Skidelsky’s discussion of the various explanations that economists have come up with, both for wage and price rigidity and as to why the economy does not quickly adjust to ‘equilibrium’, is too unquestioning, too undiscriminating. There is, for instance, a silly theory that says prices are rigid because of the costs of changing price lists (the cost of printing new menus in restaurants would be an example); but these costs pale in comparison to those of hiring and firing workers or increasing or decreasing production. Other theories that have become more widely accepted since Keynes’s death are given scant attention by Skidelsky. Efficiency wage theory, which argues that wages affect productivity, so that it doesn’t benefit firms to pay low wages, isn’t even mentioned.

There is an alternative view (also labelled new Keynesian) as to why an economy can be trapped for so long in a state of under-utilising resources: the debt-deflation theory originally formulated by an American contemporary of Keynes, Irving Fisher, and more recently developed by Greenwald and me. It perceives the key market failures to be not just in the labour market, but also in financial markets. Because contracts are not appropriately indexed (that is to say, payments aren’t adjusted to changing economic conditions), alterations in economic circumstances can cause a rash of bankruptcies, and fear of bankruptcy contributes to the freezing of credit markets. The resulting economic disruption affects both aggregate demand and aggregate supply, and it’s not easy to recover from this – one reason that my prognosis for the economy in the short term is so gloomy.

Keynes focused, as I’ve said, on the problems posed by an insufficiency of aggregate demand: what happens when people want to buy less than the economy is able to produce. Even 75 years ago, he saw the issue from a global perspective. He was concerned, for instance, about the impact of the surplus countries – those that produced more than they consumed – on global demand. Today, we talk about global imbalances. The soaring imbalances of the last ten years are partly due to what happened during the East Asia crisis of 1997-98. Countries without adequate reserves lost their economic sovereignty as the US Treasury and IMF came to their ‘rescue’ (or, more accurately, came to the rescue of their own banks – the same banks that have caused such devastation to our own economies). They foisted contractionary monetary and fiscal policies – higher interest rates, cutbacks on expenditure – on these countries, the opposite of the policies the US adopted in the current crisis. Not surprisingly, these contractionary policies led to recessions and depressions. To reduce the likelihood of having to turn again to the IMF and the West, developing countries around the world accumulated massive reserves. But while these precautionary savings may have provided them with some security, money saved is money not spent: it contributed to a lack of aggregate demand. Other factors also contributed to the build-up of reserves. Low exchange rates can help promote exports. Oil exporters knew there was a significant risk that prices would not remain at the high level they had reached, and the prudent choice was to save a great deal of the money that they were earning. Finally, aggregate demand was almost certainly lowered by the huge increase in inequality, which in effect redistributed money from those who would spend it to those who didn’t, or at least didn’t spend as much.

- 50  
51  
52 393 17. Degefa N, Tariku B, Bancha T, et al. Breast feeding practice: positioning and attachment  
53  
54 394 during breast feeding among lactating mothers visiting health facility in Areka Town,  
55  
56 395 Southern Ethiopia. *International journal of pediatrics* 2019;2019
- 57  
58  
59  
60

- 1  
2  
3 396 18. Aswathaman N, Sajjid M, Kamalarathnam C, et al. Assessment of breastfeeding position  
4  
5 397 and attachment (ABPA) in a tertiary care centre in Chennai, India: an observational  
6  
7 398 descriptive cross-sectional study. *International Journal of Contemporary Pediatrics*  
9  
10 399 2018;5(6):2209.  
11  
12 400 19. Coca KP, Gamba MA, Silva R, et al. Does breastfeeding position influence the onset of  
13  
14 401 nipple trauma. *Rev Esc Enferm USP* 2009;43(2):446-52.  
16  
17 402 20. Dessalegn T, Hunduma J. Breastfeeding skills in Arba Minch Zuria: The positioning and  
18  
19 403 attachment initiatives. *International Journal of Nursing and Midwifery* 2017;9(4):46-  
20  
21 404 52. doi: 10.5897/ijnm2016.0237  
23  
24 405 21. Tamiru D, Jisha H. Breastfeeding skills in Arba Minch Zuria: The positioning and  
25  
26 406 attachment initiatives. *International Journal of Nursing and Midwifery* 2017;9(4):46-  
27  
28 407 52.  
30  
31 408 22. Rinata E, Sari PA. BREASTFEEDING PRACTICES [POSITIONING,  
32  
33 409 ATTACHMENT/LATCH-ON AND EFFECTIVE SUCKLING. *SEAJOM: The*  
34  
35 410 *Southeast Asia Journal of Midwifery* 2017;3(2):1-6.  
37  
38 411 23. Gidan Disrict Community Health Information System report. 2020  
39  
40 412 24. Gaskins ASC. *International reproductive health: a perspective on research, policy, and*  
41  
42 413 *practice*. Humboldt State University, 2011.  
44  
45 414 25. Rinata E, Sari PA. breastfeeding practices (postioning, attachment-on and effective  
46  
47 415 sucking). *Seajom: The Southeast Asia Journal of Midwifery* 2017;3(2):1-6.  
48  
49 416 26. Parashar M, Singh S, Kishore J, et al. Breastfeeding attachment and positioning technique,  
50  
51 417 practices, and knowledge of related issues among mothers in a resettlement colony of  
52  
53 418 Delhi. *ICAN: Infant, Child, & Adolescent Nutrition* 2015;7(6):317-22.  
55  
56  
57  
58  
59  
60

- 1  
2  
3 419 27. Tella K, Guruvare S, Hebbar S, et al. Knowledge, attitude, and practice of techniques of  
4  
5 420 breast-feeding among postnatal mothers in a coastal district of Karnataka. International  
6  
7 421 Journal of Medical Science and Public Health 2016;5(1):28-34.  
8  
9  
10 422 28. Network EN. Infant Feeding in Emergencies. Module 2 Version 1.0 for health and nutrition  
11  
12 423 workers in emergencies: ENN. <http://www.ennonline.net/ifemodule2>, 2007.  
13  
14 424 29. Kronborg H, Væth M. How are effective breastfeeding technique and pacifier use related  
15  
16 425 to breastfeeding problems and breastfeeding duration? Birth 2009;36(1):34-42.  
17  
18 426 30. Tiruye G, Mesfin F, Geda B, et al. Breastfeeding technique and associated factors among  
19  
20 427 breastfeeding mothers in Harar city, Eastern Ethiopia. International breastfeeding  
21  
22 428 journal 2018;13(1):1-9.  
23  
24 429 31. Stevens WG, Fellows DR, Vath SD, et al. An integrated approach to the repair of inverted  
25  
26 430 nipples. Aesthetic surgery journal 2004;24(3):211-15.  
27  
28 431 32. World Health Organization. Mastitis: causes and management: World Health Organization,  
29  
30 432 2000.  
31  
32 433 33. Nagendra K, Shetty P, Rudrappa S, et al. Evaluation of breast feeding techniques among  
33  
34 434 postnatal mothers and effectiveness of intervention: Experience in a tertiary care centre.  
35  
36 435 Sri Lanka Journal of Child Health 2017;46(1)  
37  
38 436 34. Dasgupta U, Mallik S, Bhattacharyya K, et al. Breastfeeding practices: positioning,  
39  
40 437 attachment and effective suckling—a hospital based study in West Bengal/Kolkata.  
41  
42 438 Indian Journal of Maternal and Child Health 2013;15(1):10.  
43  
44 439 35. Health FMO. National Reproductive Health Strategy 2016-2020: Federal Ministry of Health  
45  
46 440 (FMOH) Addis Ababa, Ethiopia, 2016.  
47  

These factors help explain high savings ratios. But the problem of insufficiency of demand is really a matter of the balance between savings and investment. The problem is sometimes described as a ‘savings glut’, but could equally well be described as an ‘investment dearth’. Why did it seem that even with record low interest rates, the only investment that could be generated was in housing for poor Americans for which they couldn’t afford to pay? A long tradition in economics, of which Keynes was a part, has focused on the diminution of investment opportunities. The path-breaking work of Schumpeter, another of Keynes’s contemporaries, emphasised the role of innovation. The world is currently faced with serious challenges that also present investment opportunities: retrofitting the world economy to face the challenges of global warming, or making the investment necessary to reduce global poverty. There is no shortage of opportunities for investments with high social returns. Here, there have been both market failures and policy failures: a failure, for instance, of governments to make carbon emissions sufficiently costly for there to be an incentive to invest in reducing them, or of financial markets to devise better instruments for transferring risk from those in less developed countries to those in more advanced ones, who can better absorb it.